Can Roger Goodell Save Football?

Concussions. Bounties. Replacement refs. and now another player tragedy. For the NFL commissioner, the problems keep piling up

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Chip Litherland for TIME

Goodell mingles with fans in Jacksonville, Fla. The Senator's son has a politician's touch

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Goodell attended Washington & Jefferson College, outside Pittsburgh, and wised up. "I had my time," Goodell says, when asked why he got more serious about school. A bad knee had already ended his football days. "I did my thing in high school. I knew I had to prove that it wasn't anything more than I didn't focus." His freshman year, Goodell buried himself in the library. "Talk about a bore," he says. "Holy s---. I must tell you, it was miserable, it was difficult, because I put a lot of pressure on myself to succeed." Goodell got A's that first semester and graduated with honors.

Going the Distance

When Goodell started mapping out his career, he sent a letter to every NFL team. No one bit. The league office, however, hired him as an administrative intern in 1982. "When he first started, you could put him in any situation and feel confident you could trust him," says Joe Browne, the NFL's longtime communications guru. Carmen Policy, the former president of the San Francisco 49ers, remembers first meeting Goodell at the 1985 Super Bowl, at Stanford Stadium. "He was energetic and effective in a non-pushy way," says Policy. "You felt comfortable with him."

At the following year's Super Bowl, in New Orleans, Goodell volunteered to serve as legendary commissioner Pete Rozelle's driver. By then, he was already more established; this task seemed more fit for a college intern. "I'd do anything," says Goodell. "I wanted any opportunity that would keep me around." Circulating in Rozelle's orbit proved valuable. "I practically lived with him," says Goodell. "And he could see how I managed people, managed situations. I wouldn't give that back for a moment."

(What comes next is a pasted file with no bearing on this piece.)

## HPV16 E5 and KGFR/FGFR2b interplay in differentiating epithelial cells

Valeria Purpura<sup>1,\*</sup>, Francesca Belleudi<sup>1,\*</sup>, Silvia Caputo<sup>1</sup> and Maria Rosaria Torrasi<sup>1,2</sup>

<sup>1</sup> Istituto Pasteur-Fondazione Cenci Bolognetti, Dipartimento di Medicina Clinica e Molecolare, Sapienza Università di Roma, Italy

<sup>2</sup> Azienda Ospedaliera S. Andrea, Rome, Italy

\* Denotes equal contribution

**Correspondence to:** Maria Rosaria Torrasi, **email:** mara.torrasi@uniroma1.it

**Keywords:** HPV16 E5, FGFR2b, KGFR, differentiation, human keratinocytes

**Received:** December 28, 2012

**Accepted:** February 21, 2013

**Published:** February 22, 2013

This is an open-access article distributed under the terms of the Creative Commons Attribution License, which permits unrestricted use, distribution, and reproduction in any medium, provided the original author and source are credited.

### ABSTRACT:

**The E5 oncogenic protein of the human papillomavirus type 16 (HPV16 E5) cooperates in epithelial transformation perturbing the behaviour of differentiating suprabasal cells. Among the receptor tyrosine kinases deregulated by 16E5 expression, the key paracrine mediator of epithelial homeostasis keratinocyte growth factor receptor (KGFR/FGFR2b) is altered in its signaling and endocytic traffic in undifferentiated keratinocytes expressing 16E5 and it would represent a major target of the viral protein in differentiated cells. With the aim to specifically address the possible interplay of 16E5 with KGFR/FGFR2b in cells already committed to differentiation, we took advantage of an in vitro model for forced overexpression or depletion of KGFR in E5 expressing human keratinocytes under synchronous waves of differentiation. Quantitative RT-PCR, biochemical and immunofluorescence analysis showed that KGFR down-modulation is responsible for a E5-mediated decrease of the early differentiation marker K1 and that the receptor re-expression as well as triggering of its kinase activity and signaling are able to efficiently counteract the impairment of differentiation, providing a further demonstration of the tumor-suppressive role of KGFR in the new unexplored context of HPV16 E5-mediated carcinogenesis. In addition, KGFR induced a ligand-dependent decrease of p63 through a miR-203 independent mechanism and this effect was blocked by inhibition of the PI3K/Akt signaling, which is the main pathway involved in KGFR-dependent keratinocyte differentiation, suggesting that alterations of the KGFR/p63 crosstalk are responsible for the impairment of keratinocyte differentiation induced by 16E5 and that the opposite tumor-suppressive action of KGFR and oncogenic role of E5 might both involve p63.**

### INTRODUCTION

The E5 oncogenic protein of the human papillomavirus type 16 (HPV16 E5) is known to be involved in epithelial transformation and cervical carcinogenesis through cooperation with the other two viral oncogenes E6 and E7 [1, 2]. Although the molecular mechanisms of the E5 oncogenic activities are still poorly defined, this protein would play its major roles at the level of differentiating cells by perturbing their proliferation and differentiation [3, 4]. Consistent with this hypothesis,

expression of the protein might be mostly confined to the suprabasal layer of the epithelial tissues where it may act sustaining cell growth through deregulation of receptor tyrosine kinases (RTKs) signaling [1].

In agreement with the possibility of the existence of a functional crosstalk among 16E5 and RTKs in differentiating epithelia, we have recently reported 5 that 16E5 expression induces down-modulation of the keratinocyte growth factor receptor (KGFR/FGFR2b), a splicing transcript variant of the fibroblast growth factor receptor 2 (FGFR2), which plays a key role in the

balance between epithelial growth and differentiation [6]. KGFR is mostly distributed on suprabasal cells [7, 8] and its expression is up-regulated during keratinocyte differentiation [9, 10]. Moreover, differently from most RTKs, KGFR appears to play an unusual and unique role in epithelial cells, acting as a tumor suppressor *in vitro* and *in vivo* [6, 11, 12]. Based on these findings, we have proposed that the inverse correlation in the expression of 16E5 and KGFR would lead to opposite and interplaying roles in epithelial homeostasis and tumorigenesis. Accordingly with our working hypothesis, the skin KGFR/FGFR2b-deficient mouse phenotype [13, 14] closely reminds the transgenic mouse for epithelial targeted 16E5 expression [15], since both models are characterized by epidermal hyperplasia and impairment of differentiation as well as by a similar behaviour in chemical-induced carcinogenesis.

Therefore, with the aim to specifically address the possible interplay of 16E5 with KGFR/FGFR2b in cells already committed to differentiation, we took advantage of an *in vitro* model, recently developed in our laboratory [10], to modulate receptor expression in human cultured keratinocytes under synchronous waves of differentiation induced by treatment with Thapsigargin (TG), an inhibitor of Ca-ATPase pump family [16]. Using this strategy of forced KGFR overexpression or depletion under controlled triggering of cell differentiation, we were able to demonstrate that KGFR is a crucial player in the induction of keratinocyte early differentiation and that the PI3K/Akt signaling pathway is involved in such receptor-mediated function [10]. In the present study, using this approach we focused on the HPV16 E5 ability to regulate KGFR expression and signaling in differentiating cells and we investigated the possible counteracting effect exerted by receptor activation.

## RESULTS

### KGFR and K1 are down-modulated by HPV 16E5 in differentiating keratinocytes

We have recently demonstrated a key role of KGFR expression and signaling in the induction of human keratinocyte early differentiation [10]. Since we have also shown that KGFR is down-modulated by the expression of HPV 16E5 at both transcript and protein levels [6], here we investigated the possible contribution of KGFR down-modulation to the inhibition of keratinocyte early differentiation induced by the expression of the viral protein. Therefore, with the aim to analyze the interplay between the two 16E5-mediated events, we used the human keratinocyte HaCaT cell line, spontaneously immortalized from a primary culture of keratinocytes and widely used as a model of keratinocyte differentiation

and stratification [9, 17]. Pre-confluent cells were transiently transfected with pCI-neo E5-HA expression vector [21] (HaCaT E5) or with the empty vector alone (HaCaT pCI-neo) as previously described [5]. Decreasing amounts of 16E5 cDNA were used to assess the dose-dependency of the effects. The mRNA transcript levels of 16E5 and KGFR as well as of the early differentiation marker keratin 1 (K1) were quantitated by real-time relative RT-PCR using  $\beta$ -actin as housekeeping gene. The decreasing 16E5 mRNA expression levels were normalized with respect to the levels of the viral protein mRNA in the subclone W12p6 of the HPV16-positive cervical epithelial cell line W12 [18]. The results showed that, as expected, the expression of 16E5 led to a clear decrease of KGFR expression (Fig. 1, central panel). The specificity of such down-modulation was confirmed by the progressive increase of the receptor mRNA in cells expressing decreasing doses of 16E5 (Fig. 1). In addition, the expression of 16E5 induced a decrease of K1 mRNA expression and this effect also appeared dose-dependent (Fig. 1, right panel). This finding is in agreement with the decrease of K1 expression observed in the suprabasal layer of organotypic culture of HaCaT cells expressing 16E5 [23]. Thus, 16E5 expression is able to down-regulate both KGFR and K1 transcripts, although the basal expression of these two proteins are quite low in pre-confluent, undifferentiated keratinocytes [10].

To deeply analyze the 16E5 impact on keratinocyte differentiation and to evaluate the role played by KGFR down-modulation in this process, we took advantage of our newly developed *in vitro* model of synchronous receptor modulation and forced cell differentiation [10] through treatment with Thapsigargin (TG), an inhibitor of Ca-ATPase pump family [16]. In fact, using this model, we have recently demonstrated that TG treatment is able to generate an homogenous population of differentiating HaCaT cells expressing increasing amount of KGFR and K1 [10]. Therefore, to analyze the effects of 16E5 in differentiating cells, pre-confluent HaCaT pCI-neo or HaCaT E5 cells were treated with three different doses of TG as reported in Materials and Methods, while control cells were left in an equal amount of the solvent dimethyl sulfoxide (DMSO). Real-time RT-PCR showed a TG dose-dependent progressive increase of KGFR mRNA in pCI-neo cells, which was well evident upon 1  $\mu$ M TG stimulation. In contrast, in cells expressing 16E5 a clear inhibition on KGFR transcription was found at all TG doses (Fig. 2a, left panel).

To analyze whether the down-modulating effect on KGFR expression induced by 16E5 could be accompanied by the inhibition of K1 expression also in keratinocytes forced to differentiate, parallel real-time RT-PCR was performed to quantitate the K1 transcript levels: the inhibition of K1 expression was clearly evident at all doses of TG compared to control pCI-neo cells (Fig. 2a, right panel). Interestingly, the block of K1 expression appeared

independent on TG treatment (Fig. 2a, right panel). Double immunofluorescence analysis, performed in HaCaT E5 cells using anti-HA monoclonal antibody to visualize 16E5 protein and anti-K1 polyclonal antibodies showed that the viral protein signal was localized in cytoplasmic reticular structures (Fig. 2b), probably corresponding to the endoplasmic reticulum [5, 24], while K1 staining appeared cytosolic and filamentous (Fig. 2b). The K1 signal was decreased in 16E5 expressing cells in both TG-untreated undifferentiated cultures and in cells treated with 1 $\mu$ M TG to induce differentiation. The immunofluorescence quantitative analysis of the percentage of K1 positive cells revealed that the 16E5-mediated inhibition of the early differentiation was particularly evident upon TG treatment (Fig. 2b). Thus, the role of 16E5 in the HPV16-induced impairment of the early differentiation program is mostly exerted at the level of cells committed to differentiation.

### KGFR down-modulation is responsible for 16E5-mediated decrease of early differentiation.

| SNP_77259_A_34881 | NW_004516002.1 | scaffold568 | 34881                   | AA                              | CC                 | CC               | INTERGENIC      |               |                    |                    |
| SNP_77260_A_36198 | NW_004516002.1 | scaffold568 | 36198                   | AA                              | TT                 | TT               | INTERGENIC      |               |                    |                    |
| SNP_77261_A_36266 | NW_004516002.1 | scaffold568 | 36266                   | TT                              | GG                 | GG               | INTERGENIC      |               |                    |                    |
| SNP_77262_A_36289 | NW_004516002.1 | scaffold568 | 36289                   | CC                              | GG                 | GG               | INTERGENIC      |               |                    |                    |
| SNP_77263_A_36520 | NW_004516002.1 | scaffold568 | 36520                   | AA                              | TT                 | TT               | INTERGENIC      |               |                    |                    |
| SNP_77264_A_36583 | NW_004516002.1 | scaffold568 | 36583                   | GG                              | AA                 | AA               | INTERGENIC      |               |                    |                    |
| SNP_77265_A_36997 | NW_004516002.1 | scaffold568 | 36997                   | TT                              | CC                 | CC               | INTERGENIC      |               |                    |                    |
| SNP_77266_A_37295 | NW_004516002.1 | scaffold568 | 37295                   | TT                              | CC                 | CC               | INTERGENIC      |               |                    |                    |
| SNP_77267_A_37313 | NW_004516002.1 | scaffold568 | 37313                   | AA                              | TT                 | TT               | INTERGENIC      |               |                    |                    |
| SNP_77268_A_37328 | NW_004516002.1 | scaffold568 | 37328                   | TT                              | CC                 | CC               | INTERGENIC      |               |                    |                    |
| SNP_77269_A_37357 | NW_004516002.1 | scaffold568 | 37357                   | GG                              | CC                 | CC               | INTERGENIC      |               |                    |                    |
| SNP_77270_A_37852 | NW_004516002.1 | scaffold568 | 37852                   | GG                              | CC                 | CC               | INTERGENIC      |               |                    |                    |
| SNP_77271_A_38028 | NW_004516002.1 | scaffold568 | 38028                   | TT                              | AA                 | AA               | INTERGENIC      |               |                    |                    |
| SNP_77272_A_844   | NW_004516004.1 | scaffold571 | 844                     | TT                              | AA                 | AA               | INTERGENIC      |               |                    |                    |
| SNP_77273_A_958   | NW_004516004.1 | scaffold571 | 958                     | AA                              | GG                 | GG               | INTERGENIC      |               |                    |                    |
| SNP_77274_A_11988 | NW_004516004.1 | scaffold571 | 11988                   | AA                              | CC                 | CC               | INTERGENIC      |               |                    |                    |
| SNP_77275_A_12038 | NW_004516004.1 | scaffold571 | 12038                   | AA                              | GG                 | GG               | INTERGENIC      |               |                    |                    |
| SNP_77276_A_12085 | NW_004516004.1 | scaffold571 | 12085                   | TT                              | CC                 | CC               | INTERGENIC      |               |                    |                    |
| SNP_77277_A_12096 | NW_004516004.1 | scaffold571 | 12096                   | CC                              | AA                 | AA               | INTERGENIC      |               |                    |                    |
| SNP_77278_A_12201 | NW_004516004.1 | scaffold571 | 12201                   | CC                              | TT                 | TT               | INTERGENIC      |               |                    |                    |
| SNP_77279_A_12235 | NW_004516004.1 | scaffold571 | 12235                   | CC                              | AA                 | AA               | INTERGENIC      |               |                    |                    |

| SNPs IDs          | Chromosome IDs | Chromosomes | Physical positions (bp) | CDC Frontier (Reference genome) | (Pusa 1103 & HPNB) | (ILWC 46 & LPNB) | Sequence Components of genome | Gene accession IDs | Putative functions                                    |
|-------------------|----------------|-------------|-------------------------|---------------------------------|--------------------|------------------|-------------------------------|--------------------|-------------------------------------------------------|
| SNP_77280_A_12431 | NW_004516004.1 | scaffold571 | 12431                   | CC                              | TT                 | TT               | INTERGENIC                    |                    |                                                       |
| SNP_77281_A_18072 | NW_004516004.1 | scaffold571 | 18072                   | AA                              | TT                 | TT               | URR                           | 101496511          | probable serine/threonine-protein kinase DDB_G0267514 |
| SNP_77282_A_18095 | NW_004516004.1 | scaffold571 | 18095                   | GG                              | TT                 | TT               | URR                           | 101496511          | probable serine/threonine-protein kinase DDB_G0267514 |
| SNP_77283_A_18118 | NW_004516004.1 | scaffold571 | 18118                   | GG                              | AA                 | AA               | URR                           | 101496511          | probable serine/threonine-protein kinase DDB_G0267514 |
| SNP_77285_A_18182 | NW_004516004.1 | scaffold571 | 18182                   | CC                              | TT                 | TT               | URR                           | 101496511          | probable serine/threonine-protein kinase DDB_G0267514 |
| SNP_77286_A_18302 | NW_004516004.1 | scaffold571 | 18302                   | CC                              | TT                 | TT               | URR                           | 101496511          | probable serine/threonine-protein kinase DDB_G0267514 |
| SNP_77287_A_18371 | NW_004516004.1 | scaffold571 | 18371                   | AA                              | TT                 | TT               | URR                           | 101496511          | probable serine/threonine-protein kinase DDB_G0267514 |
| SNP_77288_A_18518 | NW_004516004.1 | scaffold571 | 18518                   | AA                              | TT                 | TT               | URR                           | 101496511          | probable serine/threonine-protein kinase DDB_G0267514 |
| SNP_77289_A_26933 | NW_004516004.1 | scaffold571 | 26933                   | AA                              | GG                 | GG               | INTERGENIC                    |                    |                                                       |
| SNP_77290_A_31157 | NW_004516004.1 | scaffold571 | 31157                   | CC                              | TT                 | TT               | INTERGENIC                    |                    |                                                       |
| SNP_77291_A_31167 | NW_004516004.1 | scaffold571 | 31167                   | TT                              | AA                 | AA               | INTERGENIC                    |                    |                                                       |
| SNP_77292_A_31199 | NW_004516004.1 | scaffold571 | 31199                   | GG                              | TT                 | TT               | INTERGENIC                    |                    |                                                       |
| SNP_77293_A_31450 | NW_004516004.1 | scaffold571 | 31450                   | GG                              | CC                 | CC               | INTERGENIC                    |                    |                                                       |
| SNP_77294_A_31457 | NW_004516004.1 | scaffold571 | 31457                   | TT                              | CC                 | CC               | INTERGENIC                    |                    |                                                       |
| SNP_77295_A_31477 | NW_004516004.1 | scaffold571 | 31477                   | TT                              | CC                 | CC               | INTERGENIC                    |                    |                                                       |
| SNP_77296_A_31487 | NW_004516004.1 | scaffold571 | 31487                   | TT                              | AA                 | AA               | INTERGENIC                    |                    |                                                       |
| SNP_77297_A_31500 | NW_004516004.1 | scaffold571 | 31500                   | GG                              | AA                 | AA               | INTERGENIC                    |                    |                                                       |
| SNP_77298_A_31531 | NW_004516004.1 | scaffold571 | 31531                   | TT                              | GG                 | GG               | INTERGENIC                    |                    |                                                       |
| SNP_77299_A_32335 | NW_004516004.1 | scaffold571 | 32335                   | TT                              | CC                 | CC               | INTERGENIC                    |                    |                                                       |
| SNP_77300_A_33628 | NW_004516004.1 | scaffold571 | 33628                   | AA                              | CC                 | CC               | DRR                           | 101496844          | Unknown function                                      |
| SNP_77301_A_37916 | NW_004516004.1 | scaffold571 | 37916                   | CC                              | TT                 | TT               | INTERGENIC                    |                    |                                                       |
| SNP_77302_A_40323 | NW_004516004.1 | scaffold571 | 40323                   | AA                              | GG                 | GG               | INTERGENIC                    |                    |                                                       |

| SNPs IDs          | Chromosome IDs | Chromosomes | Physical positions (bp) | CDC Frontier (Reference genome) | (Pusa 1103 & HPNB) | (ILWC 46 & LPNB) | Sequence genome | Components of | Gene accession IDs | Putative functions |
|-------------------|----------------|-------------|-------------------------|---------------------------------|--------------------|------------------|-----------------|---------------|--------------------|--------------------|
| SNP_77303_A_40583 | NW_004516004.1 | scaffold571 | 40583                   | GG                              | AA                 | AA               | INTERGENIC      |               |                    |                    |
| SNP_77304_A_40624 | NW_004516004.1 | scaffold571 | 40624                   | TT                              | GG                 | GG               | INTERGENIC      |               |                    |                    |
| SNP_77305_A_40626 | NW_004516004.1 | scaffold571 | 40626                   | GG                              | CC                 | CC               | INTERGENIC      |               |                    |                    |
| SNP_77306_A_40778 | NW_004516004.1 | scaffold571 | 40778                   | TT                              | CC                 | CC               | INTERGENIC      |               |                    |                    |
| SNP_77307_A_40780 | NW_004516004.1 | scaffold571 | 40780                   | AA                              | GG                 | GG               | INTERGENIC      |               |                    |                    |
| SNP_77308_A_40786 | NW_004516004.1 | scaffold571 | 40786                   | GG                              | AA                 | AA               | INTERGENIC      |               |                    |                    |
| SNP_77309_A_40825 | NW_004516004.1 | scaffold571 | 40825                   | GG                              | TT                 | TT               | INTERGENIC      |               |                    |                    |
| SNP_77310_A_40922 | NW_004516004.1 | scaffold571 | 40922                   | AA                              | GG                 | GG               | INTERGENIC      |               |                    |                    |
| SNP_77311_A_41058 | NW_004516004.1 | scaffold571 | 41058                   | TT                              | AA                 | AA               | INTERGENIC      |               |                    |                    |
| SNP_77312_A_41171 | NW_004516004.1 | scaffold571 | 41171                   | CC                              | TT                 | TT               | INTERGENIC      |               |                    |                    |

As he rose through the NFL ranks, Goodell got a handle on all sides of the NFL business, including stadium development, expansion, television negotiations and licensing. He also learned how to carry out change in a league that is essentially a monopoly run by wealthy, headstrong team owners. The NFL had prospered by sharing TV and national merchandising and sponsorship revenues equally, but in the 1990s, Dallas Cowboys owner Jerry Jones was at war with the league. He thought teams, rather than the NFL, should have rights to market their brands locally and pocket that revenue. This, Jones thought, would prod individual clubs to aggressively promote their brand--and in aggregate allow the NFL to attract more-lucrative national deals. Goodell helped convince the other owners that Jones was right. "From this office," Goodell says, "we can't promote 32 teams the way they can in their markets." Jones' model won out and has contributed to the league's success.

That business sense helped Goodell develop a strong rapport with the owners, who are in charge of hiring commissioners. But it by no means blunted his hard edge. "I told the other owners when he was made commissioner that I've seen him bite," says Jones. "He's easy in his demeanor. But I've been bitten." A few weeks into his tenure, Goodell handed down his first fine: $25,000 to Steelers chairman Dan Rooney for criticizing the refs. Rooney, a gracious man who is now ambassador to Ireland, had earlier delighted in telling Goodell the news of his appointment as commissioner. "The tender moment didn't last long," Goodell quips.

League Under Fire

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